Author: Samantha Berger
Illustrator: Kristyna Litten
Publisher: Dial Books (2015)
This book attracted me immediately because it promised me a nap. Recently fighting a lack of energy or any will to do anything at all, this book was the most taxing project I could hope to aim for. I started reading it a couple of times and was immediately drawn in by the quilt-like endpapers, the sweet sleepy characters such as koalas, kittens and yes - a sloth. This sloth book called out to me like an ice-cream calls out to a child in a park on a hot summer day. It was the lullaby of a book I needed in my nasty grown-up life. However my nasty grown-up life got in the way of finishing it until today.
My teenaged daughter has a lot on her mind right now too. Nasty grown up things were getting in her way as well, so I invited her onto the sofa to hear this book. It's OK. It's perfectly acceptable to read picture books aloud to teenagers if they will let you. It's even OK to blog about it if you're sure that teenager never reads your blog. Because if there's one thing I know about picture books, is that they can be therapy for any age of human being. And this one is for any age of human being who would like to take a long, long nap.
I read this book aloud in the type of soothing voice you would expect from a mother to her child, and I am 100% sure that in the olden days, when my kids were little this book would have been a terrific bedtime book. It rhymes, kind of Dr Seuss style but with words like "naptacular" and "Nuzzledome" that are constantly suggestive of sleep. The main character, sleepy sloth Snuggleford Cuddlebun takes her special blanket, pillow, journal and favourite bedtime book to the Nuzzledome by bus, where she sets herself up in a hammock to sleep through a music festival of sleep inducing bands.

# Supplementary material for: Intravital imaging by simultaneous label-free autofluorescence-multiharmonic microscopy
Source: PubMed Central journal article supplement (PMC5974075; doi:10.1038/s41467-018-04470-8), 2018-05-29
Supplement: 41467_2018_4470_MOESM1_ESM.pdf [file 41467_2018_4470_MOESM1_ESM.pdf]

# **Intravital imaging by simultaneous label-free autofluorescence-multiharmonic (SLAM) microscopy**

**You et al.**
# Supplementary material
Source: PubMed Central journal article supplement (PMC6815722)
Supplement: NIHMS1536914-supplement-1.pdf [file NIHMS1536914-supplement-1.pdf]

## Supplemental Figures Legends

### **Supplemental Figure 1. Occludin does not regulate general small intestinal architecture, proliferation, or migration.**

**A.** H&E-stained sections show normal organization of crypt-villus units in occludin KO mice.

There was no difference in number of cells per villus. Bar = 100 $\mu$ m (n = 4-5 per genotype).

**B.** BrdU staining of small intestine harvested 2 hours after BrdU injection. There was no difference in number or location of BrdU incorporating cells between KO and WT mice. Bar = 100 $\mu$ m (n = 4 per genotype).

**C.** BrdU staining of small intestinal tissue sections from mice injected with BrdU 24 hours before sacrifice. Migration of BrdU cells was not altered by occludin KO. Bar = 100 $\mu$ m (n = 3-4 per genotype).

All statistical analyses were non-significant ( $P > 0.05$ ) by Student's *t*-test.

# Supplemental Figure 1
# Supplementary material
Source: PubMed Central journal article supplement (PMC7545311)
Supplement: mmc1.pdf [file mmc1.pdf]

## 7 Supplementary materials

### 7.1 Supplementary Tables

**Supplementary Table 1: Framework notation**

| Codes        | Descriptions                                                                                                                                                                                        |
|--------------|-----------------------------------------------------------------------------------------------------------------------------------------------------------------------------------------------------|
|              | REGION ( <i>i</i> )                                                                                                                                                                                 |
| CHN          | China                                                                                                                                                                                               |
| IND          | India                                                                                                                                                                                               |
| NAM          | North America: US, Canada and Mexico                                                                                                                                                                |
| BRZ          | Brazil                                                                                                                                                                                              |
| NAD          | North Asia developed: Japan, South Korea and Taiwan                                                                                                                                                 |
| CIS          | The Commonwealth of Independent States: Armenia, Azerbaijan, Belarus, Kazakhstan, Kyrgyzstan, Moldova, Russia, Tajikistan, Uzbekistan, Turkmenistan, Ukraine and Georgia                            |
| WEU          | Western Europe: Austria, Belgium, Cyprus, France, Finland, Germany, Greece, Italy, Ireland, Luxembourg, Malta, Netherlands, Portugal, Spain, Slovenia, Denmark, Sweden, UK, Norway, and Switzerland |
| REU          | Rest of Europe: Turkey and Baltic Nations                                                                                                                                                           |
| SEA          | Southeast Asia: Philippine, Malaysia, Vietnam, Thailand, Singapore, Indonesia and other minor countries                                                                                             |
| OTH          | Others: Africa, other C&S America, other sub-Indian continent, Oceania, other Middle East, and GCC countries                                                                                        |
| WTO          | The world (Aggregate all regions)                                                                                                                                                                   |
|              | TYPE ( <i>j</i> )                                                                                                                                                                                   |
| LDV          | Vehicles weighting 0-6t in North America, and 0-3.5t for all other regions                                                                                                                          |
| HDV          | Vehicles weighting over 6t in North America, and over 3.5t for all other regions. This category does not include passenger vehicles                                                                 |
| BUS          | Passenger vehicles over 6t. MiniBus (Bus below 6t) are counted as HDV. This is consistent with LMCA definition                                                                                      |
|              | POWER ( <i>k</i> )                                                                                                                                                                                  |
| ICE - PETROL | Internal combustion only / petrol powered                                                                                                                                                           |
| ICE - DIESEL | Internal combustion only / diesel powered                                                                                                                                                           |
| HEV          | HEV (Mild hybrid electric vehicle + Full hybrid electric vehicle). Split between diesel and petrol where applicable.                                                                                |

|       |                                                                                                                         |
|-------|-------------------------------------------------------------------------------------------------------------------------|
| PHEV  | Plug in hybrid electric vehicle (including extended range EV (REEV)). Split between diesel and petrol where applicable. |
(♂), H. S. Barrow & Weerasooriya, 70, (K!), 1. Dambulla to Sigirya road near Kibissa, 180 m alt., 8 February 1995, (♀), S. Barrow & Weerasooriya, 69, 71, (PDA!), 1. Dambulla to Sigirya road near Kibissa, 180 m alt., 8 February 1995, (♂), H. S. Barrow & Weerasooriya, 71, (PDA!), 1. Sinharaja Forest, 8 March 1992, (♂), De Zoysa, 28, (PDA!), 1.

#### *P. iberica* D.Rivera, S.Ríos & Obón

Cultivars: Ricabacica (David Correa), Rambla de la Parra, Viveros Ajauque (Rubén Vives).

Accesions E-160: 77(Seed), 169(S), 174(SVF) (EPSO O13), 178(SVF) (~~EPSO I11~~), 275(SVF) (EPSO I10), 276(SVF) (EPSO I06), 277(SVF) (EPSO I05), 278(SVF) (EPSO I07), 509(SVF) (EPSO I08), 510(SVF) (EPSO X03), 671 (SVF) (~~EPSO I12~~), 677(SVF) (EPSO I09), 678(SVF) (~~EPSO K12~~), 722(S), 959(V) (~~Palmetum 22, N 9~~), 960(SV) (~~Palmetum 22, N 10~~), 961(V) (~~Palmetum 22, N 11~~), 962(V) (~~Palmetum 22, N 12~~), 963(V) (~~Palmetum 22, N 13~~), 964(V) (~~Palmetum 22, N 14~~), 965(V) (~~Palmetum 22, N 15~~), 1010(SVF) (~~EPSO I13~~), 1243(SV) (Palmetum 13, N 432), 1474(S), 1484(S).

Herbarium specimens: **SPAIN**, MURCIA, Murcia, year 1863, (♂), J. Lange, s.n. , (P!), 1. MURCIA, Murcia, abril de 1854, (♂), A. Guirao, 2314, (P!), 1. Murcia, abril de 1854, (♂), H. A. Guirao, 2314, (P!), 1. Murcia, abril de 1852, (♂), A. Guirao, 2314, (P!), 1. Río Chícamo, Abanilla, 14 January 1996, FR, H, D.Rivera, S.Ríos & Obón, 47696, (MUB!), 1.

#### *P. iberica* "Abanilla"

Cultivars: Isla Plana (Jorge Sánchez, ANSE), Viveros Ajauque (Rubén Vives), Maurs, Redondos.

I would have enjoyed this book far more thoroughly if I were not Australian. I'm sorry to have to say this, but I was rudely awakened from my own slumbering narration by the following line: "All the best sleepers in Snoozeville are there, like wildcats and wombats and koala bears". Click here if you don't know why that made me cringe. I get that this is a book for an American audience. And I get that some people say "koala bear". However, every time I see this I want to coin new phrases like "coyote dog" or "bison cow" to use with my American friends. Later on in the book the story also refers to a poet mole who "imitates rain with his didgeridoo", and I just don't want to start up about how little the sound of rain resembles the sound of didgeridoo....
All in all, I find this book delightful, so much so that I read it to my other teenaged daughter when I had a chance. And although I quite ruined the rhyming scheme, I left a poignant space where the "bear" once was, which ultimately allowed us to share a smile, while also sharing a blanket this cold winter night in front of the fire, before listening to the didgeridoo. Mmmmmmm. Zzzzzzzzzzzzzzzz.
An Australian who lived in Japan with my bicultural family now living in the USA, I believe that there are more different realities than there are books to be written.